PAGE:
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NEWS | Wednesday, 26 September 2007


In a historic first for a Maltese newspaper, the European Ombudsman yesterday recognised MaltaToday’s right to access to data detailing the allowances received by Malta’s MEPs, as Ombudsman Diamandouros says the EP’s refusal to grant the newspaper access constituted maladministration.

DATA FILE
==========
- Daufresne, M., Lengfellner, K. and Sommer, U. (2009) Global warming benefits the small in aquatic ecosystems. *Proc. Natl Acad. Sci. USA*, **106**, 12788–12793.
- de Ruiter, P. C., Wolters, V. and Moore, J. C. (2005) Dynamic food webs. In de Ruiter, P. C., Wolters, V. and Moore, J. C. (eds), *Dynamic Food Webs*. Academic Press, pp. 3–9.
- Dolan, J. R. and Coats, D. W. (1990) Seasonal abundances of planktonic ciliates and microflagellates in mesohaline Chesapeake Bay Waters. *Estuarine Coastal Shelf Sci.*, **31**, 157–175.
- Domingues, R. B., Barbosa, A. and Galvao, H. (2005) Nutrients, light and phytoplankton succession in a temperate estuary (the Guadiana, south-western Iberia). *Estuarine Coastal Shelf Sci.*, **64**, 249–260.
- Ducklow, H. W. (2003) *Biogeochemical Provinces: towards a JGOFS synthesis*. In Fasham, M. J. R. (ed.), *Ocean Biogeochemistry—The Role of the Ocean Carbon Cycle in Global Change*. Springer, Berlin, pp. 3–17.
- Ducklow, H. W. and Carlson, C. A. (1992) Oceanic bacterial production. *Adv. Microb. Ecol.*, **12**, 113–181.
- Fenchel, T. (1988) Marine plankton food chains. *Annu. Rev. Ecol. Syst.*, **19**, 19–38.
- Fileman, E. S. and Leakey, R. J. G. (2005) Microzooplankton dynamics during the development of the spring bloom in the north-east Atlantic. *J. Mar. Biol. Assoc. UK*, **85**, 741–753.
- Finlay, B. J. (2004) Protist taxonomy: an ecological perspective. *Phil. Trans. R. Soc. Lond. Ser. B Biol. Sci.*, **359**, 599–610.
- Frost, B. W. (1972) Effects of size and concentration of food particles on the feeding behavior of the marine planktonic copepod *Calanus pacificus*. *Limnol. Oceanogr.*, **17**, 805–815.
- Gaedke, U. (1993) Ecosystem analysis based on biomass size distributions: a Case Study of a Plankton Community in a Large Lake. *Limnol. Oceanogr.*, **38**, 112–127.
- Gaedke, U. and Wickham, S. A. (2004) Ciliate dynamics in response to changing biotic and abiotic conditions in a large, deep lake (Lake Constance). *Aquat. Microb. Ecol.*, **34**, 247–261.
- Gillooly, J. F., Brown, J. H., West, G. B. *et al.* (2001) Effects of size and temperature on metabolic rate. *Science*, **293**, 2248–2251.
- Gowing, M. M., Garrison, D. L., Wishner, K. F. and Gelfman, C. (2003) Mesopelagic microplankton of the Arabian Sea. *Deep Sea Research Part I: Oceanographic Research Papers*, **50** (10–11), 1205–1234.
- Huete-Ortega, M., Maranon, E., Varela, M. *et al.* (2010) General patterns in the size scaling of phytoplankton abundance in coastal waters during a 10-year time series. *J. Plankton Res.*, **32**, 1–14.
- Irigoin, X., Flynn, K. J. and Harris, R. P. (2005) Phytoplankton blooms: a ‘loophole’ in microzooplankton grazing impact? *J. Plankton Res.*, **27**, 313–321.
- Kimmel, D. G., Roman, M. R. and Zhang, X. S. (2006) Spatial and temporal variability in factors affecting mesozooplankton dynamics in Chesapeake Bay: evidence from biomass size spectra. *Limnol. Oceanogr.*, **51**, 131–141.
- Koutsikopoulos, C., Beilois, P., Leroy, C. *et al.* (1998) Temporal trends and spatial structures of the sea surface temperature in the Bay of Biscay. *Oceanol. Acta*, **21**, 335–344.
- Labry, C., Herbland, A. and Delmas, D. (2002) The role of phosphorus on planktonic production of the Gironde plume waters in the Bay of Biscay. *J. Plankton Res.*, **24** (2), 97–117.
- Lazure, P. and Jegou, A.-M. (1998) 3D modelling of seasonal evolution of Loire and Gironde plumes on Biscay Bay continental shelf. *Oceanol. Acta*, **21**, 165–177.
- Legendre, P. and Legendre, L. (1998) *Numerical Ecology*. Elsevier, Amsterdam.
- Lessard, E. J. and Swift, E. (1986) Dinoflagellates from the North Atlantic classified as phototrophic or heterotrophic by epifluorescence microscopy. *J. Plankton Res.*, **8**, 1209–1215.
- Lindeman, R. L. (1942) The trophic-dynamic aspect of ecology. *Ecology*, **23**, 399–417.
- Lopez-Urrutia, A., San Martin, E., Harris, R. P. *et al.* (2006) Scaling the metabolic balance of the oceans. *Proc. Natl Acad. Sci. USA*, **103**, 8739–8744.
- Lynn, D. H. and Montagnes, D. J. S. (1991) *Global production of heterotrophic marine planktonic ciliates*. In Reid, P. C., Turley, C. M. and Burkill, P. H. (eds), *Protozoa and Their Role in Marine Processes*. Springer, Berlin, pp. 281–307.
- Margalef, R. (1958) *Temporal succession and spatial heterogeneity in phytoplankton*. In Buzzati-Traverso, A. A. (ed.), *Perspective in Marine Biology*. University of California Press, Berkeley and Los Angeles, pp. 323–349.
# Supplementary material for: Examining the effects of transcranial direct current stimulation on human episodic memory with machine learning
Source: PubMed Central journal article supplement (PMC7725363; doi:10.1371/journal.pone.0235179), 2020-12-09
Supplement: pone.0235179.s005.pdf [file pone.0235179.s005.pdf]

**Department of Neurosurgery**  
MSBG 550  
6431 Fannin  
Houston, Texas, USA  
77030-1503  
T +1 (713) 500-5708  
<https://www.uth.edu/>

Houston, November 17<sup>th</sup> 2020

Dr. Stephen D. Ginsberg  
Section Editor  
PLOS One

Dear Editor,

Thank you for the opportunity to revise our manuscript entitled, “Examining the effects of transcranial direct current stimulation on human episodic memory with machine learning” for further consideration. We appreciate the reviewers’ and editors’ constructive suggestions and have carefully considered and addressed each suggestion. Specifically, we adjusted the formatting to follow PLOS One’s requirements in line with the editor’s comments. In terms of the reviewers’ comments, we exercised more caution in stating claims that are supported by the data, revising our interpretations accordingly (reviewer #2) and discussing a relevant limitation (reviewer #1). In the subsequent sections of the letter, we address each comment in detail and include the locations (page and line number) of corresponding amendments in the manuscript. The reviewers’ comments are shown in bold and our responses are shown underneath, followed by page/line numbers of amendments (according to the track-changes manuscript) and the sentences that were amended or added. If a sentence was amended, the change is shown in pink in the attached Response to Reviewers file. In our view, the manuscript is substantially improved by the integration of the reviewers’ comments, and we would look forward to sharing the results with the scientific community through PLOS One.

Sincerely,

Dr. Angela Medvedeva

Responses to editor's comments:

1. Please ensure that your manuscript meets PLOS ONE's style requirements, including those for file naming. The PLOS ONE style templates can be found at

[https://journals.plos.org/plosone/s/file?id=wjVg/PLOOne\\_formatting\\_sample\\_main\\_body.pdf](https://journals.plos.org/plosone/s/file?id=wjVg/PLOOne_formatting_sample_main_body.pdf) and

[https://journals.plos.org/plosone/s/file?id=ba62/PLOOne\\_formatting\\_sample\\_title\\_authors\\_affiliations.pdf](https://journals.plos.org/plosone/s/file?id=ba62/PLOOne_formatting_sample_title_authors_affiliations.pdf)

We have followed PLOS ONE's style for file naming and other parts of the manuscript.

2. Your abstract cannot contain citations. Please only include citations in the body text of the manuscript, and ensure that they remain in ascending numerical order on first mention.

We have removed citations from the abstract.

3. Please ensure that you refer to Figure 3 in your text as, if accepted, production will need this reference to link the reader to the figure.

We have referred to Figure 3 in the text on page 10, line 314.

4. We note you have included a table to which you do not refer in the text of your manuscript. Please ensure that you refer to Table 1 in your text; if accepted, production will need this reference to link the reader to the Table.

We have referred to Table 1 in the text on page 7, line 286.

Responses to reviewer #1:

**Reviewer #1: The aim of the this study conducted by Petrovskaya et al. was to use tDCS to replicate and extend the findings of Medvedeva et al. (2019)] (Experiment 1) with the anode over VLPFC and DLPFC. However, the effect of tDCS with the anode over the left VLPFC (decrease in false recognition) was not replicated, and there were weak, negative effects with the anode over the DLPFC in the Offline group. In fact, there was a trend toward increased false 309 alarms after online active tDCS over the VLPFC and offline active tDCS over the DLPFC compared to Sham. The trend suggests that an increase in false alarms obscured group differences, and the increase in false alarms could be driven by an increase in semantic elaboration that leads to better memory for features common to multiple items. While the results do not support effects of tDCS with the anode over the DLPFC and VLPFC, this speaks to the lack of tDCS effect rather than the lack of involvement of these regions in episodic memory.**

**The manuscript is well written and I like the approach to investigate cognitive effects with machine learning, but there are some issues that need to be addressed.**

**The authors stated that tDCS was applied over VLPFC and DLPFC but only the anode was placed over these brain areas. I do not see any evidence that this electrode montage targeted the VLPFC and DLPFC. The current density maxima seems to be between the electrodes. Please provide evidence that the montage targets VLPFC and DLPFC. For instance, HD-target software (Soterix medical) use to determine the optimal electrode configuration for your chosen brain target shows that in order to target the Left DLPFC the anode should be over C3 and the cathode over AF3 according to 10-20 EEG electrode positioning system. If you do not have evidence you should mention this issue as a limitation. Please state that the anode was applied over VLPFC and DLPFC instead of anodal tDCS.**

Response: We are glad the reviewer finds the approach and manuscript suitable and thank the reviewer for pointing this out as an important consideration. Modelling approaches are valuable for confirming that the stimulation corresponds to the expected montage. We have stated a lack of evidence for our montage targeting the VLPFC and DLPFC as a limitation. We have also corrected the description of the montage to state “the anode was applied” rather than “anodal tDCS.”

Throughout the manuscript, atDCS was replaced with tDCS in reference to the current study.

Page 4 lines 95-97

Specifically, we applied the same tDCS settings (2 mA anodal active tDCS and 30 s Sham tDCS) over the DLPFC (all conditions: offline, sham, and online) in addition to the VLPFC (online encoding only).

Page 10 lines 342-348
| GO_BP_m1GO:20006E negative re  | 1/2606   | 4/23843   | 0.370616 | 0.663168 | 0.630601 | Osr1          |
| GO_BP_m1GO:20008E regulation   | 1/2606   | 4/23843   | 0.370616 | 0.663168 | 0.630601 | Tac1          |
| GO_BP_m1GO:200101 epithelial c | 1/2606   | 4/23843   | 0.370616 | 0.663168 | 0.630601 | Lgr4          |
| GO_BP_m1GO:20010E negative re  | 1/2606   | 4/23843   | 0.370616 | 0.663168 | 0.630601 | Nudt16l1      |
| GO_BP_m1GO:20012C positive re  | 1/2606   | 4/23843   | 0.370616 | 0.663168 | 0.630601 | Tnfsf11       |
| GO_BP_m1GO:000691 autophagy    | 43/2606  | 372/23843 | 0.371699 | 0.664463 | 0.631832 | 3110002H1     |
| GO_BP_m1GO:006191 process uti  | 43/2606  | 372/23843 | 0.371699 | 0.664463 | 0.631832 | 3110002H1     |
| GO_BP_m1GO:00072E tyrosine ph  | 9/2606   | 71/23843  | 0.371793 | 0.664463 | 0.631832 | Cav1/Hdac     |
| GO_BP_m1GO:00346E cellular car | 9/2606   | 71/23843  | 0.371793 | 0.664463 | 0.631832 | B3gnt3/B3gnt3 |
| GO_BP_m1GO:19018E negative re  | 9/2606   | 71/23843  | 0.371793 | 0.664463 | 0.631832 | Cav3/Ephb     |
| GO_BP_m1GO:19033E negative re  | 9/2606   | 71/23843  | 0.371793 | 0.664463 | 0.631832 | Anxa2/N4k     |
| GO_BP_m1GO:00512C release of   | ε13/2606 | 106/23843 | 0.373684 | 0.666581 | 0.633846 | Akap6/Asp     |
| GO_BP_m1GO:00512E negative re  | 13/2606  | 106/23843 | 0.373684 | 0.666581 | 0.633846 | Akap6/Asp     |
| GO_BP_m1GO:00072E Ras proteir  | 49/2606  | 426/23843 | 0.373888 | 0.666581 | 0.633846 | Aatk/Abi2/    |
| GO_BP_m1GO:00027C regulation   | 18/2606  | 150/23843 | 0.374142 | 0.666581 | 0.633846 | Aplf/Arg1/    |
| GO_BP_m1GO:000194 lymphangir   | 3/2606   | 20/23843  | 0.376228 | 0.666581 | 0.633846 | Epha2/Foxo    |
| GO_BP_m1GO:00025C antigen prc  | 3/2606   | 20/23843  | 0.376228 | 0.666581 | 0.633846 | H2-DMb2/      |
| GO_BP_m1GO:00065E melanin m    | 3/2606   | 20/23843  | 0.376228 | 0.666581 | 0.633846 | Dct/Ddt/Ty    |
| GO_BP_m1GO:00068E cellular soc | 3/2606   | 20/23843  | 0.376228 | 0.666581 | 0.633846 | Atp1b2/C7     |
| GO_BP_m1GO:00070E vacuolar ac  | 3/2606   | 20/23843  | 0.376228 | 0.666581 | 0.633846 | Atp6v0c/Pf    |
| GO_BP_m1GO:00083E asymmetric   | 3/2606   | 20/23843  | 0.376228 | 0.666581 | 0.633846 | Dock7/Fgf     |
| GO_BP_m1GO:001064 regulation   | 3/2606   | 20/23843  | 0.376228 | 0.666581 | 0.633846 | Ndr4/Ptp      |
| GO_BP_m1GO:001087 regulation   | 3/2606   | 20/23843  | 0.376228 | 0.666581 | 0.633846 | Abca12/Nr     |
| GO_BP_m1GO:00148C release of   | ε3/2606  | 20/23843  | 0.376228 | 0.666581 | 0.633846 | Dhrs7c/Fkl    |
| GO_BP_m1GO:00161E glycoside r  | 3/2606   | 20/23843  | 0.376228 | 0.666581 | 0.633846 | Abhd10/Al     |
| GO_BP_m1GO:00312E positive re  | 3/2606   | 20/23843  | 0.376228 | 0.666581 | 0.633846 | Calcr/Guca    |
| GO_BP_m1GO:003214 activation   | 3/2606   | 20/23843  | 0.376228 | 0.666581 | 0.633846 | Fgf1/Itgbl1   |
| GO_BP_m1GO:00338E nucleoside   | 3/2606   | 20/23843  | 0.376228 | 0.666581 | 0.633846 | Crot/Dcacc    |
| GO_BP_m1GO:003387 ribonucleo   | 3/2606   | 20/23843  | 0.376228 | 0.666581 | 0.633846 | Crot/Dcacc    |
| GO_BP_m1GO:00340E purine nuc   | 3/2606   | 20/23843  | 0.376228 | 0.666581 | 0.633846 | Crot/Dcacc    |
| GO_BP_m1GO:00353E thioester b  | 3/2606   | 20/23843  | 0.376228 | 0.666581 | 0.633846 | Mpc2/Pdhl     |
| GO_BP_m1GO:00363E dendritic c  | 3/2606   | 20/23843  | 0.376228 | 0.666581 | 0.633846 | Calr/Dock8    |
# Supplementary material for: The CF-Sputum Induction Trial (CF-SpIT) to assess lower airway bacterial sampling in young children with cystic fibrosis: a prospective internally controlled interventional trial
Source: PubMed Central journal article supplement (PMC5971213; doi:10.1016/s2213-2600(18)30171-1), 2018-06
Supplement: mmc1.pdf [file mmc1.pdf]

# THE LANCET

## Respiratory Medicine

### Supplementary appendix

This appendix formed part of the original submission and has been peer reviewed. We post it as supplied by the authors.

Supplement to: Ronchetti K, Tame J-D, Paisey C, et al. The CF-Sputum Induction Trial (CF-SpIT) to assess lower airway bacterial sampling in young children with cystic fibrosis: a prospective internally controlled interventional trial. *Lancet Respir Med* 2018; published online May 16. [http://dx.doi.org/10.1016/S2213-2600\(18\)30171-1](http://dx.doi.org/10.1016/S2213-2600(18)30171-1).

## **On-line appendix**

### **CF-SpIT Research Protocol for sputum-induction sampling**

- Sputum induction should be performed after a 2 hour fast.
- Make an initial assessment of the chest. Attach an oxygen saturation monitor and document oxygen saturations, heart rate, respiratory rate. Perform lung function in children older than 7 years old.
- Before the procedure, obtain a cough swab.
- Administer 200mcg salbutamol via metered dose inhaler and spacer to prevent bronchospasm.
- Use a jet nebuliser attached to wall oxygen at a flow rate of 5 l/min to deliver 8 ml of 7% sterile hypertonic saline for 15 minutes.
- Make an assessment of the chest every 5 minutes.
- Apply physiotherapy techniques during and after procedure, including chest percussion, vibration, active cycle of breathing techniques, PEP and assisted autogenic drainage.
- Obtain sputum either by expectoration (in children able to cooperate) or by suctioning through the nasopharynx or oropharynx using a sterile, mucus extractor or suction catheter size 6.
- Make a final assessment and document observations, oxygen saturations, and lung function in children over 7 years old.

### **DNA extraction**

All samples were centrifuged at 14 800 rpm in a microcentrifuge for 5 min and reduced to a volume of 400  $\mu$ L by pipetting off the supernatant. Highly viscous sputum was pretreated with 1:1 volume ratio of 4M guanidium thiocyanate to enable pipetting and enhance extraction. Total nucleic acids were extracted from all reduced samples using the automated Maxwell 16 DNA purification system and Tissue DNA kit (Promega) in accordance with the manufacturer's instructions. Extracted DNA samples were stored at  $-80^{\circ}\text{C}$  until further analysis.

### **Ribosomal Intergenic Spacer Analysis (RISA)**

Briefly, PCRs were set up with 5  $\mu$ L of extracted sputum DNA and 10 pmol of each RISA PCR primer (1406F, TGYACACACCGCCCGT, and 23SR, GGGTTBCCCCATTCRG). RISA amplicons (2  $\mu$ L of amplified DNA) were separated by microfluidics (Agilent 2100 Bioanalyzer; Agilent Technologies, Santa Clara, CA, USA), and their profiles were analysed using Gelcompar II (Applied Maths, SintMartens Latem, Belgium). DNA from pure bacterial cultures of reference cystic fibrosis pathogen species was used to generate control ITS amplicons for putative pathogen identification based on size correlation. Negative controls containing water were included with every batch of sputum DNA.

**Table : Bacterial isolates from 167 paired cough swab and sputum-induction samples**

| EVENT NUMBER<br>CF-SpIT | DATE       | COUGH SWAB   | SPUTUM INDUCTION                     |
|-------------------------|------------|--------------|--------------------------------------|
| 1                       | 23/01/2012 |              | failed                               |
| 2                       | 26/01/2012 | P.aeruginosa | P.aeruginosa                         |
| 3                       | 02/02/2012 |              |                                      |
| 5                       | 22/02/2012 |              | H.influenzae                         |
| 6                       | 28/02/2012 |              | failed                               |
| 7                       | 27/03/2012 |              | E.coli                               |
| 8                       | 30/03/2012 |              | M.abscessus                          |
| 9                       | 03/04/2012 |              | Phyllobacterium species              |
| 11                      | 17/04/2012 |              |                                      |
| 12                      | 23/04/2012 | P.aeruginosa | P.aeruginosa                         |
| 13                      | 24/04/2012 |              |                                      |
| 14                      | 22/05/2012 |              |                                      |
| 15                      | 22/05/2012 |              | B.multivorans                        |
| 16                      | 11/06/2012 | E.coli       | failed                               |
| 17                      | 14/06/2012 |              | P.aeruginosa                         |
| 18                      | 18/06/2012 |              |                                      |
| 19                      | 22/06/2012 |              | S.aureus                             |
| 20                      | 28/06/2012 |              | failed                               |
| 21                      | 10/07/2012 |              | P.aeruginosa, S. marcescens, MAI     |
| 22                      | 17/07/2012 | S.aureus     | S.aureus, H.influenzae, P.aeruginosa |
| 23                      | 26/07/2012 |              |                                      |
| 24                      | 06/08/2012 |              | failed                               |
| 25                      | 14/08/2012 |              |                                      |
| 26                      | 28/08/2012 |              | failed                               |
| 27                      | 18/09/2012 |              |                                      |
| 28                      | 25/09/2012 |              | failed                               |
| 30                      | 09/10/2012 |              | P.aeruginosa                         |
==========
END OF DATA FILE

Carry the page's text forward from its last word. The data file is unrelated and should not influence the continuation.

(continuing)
Almost two years after submitting its complaint, MaltaToday will be applying once again to the European Parliament to grant it access to the payments – daily allowances, assistants’ salaries and travel allowances – paid to Malta’s five MEPs after it was refused access back in August 2005. Ombudsman Paraskavas Nikiforos Diamandouros has recommended the Parliament to reconsider MaltaToday’s application and grant it access after finding the EP had no “appropriate legal basis for rejecting the complainant’s application for access”. He said the Parliament’s arguments to refuse access were not convincing and unjustified. “This constitutes maladministration,” Diamandouros said in his draft recommendation. He said the fact that Parliament failed to even consider granting partial access to documents containing data related to assistants, for example by blanking out the assistants’ names, also constituted maladministration. “The Ombudsman concludes that Parliament wrongly rejected in its entirety the complainant’s access for access to the data… This constitutes maladministration.” The decision is important because it has won the public the right to know what their elected MEP earns every year, and to know how these funds are utilised by their MEPs to achieve what they achieved. The European Parliament resisted granting access to MEPs’ financial records when MaltaToday first submitted its application back in August 2005. It argued that supplying this information to the public went beyond what was required for the sound functioning of Parliament’s administration. It also said that since MEPs were not entitled to inspect the personal files and accounts of other MEPs, then there was all the more reason to deny it to persons outside Parliament. But in his recommendation, the Ombudsman declared the Parliament’s rules of procedures served only to organise its internal functioning and these could not be applied to Parliament’s relations with citizens. “Thus, they do not appear to constitute an appropriate legal basis for rejecting the complainant’s application for access. “The Ombudsman thus considers the arguments put forward by Parliament are not convincing and that, therefore, Parliament’s refusal to grant complaint access to the data he requested, in so far as they relate exclusively to MEPs, was not justified. This constitutes maladministration.” Diamandouros also reiterated the opinion by European Data Protection Supervisor Peter Hustinx, who was asked to submit his views on the complaint. In his observations, Hustinx said “it seems obvious that these data must be disclosed”, and that although the case dealt with the personal data of MEPs, “in a transparent and democratic society, the basic consideration must be that the public has a right to be informed about their behaviour. MEPs must be aware of this public interest.” In his recommendation, Diamandouros said: “As the EDPS clearly states, MEPs have to be aware of the public interest in their behaviour, particularly if this behaviour is, as in the present case, connected with the use of public funds. Therefore he takes the view that, in this aspect of the case, openness should prevail over the right to privacy…” Diamandouros also said that Parliament’s dismissal of MaltaToday’s arguments that MEPs’ accounts had to be subject to public scrutiny because these were already audited internally, was “not relevant”. “… the Ombudsman regards as invalid the argument put forward by an institution examining an application that the same end the applicant wishes to achieve by requesting access to certain documents may be achieved by other means… Parliament’s reference to financial checks by the responsible bodies is not relevant in the context of this case.” Both the presidents of the European Parliament, socialist Josep Borrel and EPP MEP Hans-Gert Pöttering stood by the Parliament’s refusal to grant MaltaToday access to the accounts. In general, a Maltese MEP can earn a potential Lm40,000 a year in allowances and salaries, with all expenses paid for their political office. Their salary is the same as that of a Maltese MP, Lm540 (EUR1,257.86), which is a low salary, but the main allowances derive from travel and committee per diem allowances. MEPs receive a Brussels/Strasbourg allowance of about EUR262 (Lm112.48) towards accommodation and subsistence costs, but this is subject to them participating in votes and signing a daily register to indicate their presence for any of the 150 or so working days for attending committee and group meetings and plenary sessions. MEPs are also reimbursed for weekly travel from Malta by payment for the cost of an open economy ticket plus an allowance for distance travelled, per km covered from their point of departure to Brussels or Strasbourg. According to the European Parliament, this allowance is estimated to earn Maltese MEPs an extra EUR1,000 (Lm429), every week they travel for work. They get several other grants – EUR3,500 (Lm1,502.55) a year for other travel; EUR3,785 (Lm1,624.90) in office expenses every month; EUR12,546 (Lm5,386) every month for the employment of their staff; EUR5,000 (Lm2,146.50) a year for language lessons; and a yearly allocation of EUR35,000 (Lm15,025.50) for a seminar or conference organised by each MEP.

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